This weekend, I got an anatomy lesson at the Body Worlds exhibition called "The History of the Heart" at the Denver Museum of Nature and Science. The exhibition features entire human bodies and body parts that have been "pleastinated" in a process invented by a brilliant anatomist named Gunther von Hagens.
Athletes of all ages have an appreciation for his or her body, spends lots of time studying how to properly feed it and condition it, and to get it to perform and stay healthy. But unless we're medical students for take college level kinesiology dissecting human cadavers, few really get to see how the body is actually constructed. Now von Hagens has extended anatomy lessons to the masses. Two dimensional diagrams, drawings, and videos are helpful, but there's nothing like the real thing. Now I know what's been broken or strained, what feels so tired or burns.
Beyond just presenting gross anatomy, the exhibit promotes good health. And because this exhibit has an emphasis on the heart, the importance of exercise is prominent, including a wall size poster of Lance Armstrong, noting his heart is 30% larger than average, alongside a case with specimens of an average and enlarged (hypertorphied) heart. When you see all the sinewy red muscle tissue, especially in the legs, it's easier to understand why aerobic exercise can consume 85% of the heart's output.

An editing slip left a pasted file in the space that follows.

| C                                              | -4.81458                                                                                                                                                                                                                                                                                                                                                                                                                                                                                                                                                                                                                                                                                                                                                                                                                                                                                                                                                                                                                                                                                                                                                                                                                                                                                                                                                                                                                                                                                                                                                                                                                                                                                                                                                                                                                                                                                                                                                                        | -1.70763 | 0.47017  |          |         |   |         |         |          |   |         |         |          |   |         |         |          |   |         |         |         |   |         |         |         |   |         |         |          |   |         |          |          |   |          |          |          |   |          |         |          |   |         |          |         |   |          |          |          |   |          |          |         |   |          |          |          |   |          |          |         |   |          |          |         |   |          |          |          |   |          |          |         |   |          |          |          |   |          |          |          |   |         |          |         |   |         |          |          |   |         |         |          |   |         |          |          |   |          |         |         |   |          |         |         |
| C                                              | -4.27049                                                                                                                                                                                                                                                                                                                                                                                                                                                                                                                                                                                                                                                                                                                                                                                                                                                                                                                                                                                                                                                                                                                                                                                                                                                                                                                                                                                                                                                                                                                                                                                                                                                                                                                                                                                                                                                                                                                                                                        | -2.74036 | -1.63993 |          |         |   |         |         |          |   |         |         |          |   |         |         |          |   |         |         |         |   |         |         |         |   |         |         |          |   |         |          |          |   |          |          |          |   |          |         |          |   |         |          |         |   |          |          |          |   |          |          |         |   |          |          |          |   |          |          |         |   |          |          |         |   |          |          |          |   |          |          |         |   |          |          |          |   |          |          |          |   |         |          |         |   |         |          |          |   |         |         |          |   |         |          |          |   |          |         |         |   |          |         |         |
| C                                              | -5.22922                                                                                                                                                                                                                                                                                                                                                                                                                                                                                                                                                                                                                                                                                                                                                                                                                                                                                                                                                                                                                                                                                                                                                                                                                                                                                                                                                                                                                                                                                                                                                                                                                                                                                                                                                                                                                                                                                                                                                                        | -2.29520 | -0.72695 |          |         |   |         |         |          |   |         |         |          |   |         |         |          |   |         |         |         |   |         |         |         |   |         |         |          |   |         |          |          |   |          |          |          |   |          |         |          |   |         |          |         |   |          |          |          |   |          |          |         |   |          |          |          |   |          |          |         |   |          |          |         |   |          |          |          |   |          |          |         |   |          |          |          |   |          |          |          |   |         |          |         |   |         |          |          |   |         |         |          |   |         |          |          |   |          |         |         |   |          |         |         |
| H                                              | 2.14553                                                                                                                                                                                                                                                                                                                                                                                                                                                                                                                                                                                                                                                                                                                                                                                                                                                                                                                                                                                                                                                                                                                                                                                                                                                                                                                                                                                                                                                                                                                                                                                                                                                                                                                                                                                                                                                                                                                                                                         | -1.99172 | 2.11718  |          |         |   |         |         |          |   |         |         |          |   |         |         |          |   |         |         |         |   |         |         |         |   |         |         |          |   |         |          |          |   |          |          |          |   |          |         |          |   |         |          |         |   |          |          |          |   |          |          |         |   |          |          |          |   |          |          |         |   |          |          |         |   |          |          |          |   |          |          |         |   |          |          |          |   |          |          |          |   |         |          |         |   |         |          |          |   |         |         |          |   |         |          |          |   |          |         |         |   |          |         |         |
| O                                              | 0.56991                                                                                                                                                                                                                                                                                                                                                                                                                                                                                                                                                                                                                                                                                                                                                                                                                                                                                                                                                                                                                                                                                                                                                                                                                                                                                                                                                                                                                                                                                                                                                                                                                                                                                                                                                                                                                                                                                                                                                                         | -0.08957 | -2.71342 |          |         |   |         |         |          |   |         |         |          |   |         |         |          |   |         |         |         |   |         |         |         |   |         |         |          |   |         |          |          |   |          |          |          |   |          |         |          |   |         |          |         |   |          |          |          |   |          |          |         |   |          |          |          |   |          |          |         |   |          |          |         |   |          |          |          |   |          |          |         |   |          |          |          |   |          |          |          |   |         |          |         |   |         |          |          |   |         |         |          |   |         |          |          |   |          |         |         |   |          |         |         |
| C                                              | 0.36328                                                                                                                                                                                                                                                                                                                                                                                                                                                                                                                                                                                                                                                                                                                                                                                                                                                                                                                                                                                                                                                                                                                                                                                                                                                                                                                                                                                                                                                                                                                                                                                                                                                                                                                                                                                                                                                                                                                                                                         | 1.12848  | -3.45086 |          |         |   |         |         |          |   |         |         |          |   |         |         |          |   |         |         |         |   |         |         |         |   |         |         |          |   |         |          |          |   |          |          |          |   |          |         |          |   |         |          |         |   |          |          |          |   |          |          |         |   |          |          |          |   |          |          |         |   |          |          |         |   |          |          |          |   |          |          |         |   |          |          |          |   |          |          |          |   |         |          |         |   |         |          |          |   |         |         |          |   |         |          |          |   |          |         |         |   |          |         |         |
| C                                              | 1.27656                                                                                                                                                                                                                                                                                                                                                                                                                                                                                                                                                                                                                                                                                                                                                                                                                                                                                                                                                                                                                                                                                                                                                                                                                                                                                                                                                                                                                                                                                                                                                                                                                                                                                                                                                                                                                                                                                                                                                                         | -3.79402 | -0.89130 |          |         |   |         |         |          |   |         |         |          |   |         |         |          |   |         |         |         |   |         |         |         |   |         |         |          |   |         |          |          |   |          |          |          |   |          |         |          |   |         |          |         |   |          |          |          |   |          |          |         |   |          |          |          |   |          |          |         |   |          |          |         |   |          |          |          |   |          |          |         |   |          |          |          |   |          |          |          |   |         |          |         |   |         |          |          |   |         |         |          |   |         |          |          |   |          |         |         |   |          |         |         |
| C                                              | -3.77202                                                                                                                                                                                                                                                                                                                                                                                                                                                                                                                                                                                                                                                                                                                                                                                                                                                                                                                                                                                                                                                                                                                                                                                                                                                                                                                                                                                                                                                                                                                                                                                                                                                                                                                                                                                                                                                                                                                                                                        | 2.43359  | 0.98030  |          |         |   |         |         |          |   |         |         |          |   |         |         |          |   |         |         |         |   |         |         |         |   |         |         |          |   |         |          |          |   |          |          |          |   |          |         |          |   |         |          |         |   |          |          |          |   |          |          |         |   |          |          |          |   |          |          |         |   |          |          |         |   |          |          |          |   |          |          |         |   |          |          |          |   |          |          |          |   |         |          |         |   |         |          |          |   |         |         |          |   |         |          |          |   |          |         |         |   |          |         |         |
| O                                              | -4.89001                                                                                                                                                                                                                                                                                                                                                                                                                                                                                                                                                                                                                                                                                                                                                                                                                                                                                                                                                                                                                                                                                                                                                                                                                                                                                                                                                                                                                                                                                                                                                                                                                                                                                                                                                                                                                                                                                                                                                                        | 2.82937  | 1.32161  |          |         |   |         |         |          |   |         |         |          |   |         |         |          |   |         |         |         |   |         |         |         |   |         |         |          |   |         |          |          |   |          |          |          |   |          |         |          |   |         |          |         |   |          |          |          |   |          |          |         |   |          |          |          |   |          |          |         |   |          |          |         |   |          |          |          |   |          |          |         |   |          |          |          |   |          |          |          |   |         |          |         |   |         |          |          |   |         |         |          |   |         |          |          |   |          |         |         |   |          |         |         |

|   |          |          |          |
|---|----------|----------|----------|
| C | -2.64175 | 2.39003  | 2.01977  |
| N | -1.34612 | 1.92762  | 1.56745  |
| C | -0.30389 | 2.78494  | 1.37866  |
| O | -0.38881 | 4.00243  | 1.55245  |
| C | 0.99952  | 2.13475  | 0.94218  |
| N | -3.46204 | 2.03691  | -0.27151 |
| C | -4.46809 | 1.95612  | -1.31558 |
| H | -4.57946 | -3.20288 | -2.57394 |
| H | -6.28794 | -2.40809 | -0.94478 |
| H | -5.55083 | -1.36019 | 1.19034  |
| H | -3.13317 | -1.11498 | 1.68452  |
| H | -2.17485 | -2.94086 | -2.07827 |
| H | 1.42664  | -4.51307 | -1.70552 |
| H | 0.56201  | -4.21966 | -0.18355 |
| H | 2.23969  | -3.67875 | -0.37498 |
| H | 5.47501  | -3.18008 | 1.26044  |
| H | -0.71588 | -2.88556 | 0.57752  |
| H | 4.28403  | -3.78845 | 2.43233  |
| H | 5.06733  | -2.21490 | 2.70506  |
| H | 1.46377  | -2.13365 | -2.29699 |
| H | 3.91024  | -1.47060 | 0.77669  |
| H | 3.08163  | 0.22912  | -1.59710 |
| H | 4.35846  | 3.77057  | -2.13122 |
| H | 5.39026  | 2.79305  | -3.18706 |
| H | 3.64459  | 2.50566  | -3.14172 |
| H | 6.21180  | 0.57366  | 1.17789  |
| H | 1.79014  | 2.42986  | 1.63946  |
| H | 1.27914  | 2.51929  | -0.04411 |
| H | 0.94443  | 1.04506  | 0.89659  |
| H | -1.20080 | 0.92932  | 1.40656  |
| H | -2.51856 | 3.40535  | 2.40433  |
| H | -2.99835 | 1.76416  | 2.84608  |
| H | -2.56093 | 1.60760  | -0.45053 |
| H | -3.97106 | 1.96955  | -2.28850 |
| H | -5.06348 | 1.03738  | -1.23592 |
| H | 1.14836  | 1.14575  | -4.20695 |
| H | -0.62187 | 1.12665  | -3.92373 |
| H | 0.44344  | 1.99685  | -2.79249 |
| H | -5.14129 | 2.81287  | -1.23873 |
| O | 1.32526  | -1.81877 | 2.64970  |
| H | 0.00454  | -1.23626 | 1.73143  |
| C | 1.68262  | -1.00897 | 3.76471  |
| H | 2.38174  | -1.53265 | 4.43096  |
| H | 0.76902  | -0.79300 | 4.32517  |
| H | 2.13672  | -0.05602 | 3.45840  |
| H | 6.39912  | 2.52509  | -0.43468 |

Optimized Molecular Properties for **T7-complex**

No surprise, good nutrition was touted for good heart health. Some of the messages were subtle, others brutal. There were specimens showing peripheral artery disease in the lower leg and arteries dissected open to reveal blockages. A large poster of a juicy hamburger (a refreshing change - no commercial logo accompanied it) was above long case containing a full length cross section of a 300 lb. man showing the deadly accumulation up of the fat tissue. A label pointed to where the saw had cut his pacemaker in half.
Beyond just teaching anatomical facts and didactic lessons about healthy habits, the exhibit displays incredible artistry. Clearly,von Hagens marvels at what the living human body can do and celebrates that fact in his full body dissections. The specimens are not laying on their backs and splayed open like in post mortems, but erect, crouched, bent in beautiful actions poses. One was of a man on ice skates balancing a woman overhead. Another was of a woman pulling back a compound bow, and another of a man throwing a javelin.
On the way out of Body Worlds, I thought about the nameless specimens and felt a sense of gratitude. Though dead, they still teach us how incredible life is.
Joyful postures of specimens.